However, creators must also protect themselves from burnout.
Creators of all kinds have told me how they set boundaries to protect their mental health.
Here's how these creators suggest avoiding burnout:
Make a schedule – Make a schedule for creating content and taking breaks. Taking a break can mean not engaging with social media for a few hours each day. It could also mean quitting social media altogether.
Set boundaries and breaks - you won't be able to respond to every comment, text and email right away. Set specific times for replying and not replying to emails. In addition, set working hours and rest periods and strictly abide by them.
Be true to yourself - create content that only you can craft and produce that brings you joy. Also, consider getting involved outside of social media.
Find a Supportive Circle - Supporting others emotionally is not your thing. Find safe spaces with friends, family, and fellow creators.
Find sustainable ways to scale and monetize - consider outsourcing tasks that take a lot of time but don't bring joy (e.g. editing, production, creative, etc.) and find new ways to monetize your content (e.g. community members, brand cooperation, etc.).
Also worth noting is the role we play as content consumers. Celebrities, creators, influencers are real people who put their creative energy out there for all of us to enjoy. Don't be so rude.
Where is the creator economy headed?
The creator economy has grown significantly since the start of the COVID-19 pandemic. Recent reports show that there are now more than 50 million independent creators worldwide, and the creator economy is worth $20 billion.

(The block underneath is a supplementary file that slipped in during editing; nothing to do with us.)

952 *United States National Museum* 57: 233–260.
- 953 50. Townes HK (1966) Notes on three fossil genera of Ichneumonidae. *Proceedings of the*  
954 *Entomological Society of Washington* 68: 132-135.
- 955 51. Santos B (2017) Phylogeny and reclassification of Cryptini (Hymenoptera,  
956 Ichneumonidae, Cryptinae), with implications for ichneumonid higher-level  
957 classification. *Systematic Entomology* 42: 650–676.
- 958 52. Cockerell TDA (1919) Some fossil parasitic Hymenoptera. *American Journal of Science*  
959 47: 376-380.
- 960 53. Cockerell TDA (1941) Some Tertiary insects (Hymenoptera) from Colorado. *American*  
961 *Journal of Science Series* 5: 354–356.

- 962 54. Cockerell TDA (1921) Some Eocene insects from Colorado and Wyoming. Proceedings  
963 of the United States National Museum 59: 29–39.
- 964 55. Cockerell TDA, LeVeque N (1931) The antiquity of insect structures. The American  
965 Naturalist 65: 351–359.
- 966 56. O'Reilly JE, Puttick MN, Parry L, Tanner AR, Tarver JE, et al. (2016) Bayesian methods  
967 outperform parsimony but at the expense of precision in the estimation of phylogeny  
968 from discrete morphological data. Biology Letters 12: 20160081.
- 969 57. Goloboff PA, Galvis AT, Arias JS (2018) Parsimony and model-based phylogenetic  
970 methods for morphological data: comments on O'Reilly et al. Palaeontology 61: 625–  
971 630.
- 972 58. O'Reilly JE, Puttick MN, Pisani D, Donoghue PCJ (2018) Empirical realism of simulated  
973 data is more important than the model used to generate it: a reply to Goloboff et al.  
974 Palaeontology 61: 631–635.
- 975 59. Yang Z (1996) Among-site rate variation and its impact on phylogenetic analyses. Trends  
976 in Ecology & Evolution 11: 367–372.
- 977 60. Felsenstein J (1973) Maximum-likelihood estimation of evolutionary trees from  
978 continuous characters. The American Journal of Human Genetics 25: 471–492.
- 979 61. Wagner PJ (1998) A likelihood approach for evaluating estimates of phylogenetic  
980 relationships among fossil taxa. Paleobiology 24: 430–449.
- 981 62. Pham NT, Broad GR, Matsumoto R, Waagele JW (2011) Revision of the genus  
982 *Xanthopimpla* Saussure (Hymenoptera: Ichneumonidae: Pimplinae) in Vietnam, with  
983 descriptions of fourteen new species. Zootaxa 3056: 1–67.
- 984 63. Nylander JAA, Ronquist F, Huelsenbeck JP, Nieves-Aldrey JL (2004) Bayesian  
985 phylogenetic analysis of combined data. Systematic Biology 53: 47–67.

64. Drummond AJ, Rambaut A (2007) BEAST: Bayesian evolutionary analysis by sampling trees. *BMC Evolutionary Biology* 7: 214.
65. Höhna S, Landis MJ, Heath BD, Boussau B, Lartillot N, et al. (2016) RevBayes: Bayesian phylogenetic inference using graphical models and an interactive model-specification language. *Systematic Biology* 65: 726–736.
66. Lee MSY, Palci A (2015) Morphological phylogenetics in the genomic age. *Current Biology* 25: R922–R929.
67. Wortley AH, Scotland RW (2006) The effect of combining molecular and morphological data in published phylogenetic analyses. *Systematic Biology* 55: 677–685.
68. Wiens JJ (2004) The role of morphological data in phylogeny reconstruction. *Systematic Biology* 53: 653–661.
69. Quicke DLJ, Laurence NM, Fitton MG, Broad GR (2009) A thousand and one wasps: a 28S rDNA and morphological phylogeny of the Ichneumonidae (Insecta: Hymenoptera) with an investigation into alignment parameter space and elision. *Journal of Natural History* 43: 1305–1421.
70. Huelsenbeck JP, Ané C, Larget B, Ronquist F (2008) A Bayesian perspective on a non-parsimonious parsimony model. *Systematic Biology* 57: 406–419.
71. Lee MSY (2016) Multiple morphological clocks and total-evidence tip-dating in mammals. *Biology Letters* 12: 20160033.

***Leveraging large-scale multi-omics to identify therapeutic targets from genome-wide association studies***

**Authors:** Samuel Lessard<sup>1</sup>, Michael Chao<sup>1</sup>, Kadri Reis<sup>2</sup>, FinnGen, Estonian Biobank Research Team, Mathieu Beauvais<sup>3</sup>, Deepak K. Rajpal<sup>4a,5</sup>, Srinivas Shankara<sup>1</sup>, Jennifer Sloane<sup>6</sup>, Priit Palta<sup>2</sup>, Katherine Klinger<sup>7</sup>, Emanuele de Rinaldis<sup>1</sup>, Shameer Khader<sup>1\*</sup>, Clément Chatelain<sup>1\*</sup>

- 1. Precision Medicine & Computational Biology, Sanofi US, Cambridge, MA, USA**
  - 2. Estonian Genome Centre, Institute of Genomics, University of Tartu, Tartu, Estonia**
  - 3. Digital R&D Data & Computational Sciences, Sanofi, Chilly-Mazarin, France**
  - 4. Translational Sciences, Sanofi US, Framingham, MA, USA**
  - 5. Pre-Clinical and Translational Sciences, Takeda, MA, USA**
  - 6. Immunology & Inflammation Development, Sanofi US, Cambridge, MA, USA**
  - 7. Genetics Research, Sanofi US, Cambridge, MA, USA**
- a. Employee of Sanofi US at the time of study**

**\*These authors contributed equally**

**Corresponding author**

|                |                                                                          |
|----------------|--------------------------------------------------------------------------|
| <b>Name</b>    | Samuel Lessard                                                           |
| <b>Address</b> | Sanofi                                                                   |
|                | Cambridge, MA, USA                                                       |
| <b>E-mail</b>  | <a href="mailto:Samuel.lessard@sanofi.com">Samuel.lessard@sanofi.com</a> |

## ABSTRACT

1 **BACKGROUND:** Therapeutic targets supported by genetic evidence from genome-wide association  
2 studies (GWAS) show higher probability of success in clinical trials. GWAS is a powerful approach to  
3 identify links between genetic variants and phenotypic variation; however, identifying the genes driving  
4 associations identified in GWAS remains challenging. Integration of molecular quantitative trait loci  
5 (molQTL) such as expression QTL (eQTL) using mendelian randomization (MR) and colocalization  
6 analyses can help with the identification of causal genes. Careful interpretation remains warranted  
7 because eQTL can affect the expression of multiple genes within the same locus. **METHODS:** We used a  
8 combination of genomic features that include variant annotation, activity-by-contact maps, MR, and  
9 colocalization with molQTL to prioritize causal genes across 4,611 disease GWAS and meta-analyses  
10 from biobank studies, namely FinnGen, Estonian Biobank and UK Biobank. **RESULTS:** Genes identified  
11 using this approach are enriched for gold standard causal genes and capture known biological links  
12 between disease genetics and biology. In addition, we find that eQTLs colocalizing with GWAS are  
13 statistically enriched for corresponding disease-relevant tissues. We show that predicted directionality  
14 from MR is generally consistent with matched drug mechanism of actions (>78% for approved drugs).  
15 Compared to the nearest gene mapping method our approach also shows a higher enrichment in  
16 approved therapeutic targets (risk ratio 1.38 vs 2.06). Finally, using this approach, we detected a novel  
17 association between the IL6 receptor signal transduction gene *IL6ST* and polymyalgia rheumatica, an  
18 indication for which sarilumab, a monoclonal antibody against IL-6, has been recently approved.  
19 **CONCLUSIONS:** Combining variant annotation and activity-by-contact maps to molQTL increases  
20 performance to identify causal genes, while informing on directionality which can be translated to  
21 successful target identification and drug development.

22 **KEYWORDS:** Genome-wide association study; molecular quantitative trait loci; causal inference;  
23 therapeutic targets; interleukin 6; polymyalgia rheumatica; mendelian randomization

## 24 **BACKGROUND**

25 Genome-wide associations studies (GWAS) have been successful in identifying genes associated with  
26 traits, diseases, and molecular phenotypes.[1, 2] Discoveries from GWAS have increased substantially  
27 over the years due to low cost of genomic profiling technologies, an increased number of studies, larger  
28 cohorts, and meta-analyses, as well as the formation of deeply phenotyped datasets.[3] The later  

What is particularly interesting is that the creator economy is still in its early stages of development. But we've seen enough innovation that it's expected to grow to over $105 billion by 2022.
The growth of the creator economy is exciting to say the least.
It opens the door for people to leave stifling jobs, add their unique voices to meaningful conversations, promote their art, and gain financial independence. Now, we have recognized more and more creative creators in the fields of Web3, Metaverse and NFT.
This has also changed the lives of marketers and brands, as there are now a variety of ways to reach new audiences and increase sales.
While the creator economy is only expected to grow from here on out, it’s also worth remembering that it’s fluid and creators can get overworked. We must take care of the people who make it happen.
The creator economy will only continue to evolve, but also remember that it is still fluid. Creators can also be overworked. We must focus on the creators who make the creator economy thrive.